Marshall Burns wrote:
> Yes, this is called "formative fabrication." The three fundamental
> fabbing processes, additive, subtractive, and formative are explained and
> illustrated on the "What is a Fabber" page at Ennex.com:
Marshall, that is agreed. Formative is the correct and better term.
> I would not agree with you that biological growth processes are in this
> category. Biological growth is generally a special kind of additive process,
> which we can call "accretive." This is discussed in the article at
> http://www.ennex.com/publish/199707-MB-OriginDirection.sht, where I describe
> accretive fabbing as a process in which the product grows by adding material
> to itself rather than by the action of any outside influence. In this kind
> of situation, there is no fabber distinct from the object being fabbed. The
> fabber is fabbing itself. This is how you and I, as well as oak trees and
> house cats, grow up from embryos.
> I understand why you think of this as formative, because it seems that
> the organism injests a stock of nutrients, which you then consider to have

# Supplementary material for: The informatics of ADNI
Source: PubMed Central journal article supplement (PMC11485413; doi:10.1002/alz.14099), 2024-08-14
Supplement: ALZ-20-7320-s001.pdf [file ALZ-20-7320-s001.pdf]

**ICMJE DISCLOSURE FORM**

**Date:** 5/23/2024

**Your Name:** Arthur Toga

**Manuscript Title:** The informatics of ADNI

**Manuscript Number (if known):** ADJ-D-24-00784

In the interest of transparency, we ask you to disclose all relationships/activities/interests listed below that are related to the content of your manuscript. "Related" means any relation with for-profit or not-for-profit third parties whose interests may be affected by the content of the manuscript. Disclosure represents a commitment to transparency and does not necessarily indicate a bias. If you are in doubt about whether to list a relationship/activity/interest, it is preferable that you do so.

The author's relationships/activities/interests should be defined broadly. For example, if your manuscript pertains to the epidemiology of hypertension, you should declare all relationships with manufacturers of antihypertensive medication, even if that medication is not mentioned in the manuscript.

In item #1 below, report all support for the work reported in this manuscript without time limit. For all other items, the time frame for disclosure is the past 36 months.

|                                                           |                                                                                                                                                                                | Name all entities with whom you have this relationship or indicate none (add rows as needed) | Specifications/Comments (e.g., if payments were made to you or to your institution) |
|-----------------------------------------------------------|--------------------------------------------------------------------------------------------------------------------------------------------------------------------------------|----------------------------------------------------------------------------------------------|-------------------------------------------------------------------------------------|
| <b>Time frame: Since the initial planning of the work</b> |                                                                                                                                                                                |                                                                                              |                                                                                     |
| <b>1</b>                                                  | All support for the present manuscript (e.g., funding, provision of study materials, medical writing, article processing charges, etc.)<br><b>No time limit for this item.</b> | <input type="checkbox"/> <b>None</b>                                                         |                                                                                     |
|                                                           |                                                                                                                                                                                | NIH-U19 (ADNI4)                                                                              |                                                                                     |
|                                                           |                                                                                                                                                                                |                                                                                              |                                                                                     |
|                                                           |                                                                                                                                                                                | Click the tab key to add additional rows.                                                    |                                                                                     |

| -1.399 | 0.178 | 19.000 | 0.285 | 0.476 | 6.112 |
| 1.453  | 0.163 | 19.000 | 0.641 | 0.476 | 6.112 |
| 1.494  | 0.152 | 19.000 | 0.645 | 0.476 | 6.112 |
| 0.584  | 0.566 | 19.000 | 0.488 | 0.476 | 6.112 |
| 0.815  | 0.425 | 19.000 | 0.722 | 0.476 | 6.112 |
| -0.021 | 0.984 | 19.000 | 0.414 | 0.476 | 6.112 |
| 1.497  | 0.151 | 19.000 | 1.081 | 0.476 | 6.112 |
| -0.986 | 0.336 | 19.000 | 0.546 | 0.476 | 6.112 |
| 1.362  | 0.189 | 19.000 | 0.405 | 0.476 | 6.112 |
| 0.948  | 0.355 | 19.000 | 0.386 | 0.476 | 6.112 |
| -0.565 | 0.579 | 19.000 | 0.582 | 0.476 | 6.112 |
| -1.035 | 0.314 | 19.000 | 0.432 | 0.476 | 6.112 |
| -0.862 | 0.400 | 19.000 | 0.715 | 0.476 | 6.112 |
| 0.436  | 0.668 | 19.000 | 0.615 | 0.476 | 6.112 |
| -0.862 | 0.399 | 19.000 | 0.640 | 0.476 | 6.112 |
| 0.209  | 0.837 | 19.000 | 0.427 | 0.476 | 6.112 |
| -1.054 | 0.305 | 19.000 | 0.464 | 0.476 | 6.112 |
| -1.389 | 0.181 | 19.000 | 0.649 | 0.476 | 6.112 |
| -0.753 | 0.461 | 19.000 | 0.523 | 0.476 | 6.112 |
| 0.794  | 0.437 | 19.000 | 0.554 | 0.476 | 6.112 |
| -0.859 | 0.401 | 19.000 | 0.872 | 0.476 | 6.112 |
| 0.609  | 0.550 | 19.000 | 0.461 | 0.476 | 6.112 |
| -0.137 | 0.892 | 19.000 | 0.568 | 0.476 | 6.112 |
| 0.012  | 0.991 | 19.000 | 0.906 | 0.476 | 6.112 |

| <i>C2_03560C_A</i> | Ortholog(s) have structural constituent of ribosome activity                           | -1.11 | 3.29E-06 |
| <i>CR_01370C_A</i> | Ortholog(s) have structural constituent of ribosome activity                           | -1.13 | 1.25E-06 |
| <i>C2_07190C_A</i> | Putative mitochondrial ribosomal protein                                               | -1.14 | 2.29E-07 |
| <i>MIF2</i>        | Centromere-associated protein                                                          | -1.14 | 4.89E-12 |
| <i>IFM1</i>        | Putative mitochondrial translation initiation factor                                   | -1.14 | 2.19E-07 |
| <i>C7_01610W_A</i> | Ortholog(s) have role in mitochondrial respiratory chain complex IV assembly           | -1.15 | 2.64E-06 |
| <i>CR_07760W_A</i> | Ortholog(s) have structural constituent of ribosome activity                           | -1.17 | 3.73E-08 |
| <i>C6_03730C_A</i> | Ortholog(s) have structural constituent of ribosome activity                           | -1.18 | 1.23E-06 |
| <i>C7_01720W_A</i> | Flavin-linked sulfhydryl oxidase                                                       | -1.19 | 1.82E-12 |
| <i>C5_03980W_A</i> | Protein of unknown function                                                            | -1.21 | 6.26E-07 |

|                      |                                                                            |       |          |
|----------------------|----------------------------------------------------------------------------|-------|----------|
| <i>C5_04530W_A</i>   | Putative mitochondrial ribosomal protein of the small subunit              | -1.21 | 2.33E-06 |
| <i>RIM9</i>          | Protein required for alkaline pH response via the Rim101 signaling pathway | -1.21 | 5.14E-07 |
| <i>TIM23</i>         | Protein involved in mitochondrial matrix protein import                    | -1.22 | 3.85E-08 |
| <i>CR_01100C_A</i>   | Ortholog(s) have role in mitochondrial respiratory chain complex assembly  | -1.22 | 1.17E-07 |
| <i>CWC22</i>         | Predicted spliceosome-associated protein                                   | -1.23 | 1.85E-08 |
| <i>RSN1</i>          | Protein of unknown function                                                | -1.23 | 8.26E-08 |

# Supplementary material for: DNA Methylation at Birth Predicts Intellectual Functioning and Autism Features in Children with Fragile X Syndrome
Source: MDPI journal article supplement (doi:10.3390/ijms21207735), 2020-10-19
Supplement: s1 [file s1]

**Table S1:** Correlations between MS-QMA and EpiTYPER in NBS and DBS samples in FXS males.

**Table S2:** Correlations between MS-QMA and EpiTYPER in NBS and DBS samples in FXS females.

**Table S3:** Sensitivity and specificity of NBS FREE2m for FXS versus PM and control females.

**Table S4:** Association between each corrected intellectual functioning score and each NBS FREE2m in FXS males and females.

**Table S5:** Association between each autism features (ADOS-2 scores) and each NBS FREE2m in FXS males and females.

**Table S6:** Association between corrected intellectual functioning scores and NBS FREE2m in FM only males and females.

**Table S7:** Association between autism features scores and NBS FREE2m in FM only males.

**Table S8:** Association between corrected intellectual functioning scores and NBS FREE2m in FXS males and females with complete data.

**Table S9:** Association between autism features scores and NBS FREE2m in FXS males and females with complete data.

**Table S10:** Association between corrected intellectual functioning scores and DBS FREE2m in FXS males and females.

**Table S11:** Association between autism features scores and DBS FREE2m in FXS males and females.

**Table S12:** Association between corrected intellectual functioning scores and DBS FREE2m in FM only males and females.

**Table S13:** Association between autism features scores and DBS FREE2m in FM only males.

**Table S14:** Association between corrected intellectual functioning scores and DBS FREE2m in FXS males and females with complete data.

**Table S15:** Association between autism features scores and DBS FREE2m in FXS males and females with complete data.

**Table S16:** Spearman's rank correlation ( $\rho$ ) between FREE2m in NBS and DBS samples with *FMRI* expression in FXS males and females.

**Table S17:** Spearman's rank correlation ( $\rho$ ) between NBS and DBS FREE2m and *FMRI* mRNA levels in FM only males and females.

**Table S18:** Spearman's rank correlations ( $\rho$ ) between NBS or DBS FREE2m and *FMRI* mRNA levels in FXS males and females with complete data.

> become part of the organism and then to undergo reorganization in order to
> join the solid mass of the body. One can certainly argue for this
> perspective. But I prefer to think of the nutrients in the stomach and in
> the bloodstream as separate from the consuming body until the molecules of
> the nutrients have been incorporated into the structural cells of the body.
> It's pretty much a semantic distinction.
> One day, technology will learn how to imitate these magical biological
> processes. When that has happened, fabbing will have merged into nanotech
> and the limitations of what we can make will have been stripped away
I also do not object to biological methods being placed in what is
presently a category of their own.
> Your discussion of popping of corn is another interesting matter. That
> definitely is formative. I've never studied this process, but the way you
> describe it sounds akin to a foaming process. You are right that the
> challenge in utilizing something like this is in achieving control of the
> geometrical changes that occur.
Yes. Though precise final dimensions are not essential, versatile
control over the part's topology is essential: we will need need to be
able to create internal passageways and cleavage planes in the foam. It
is a fair and crucial question whether this can be done simply by
programming the initial locations of bubble centers.
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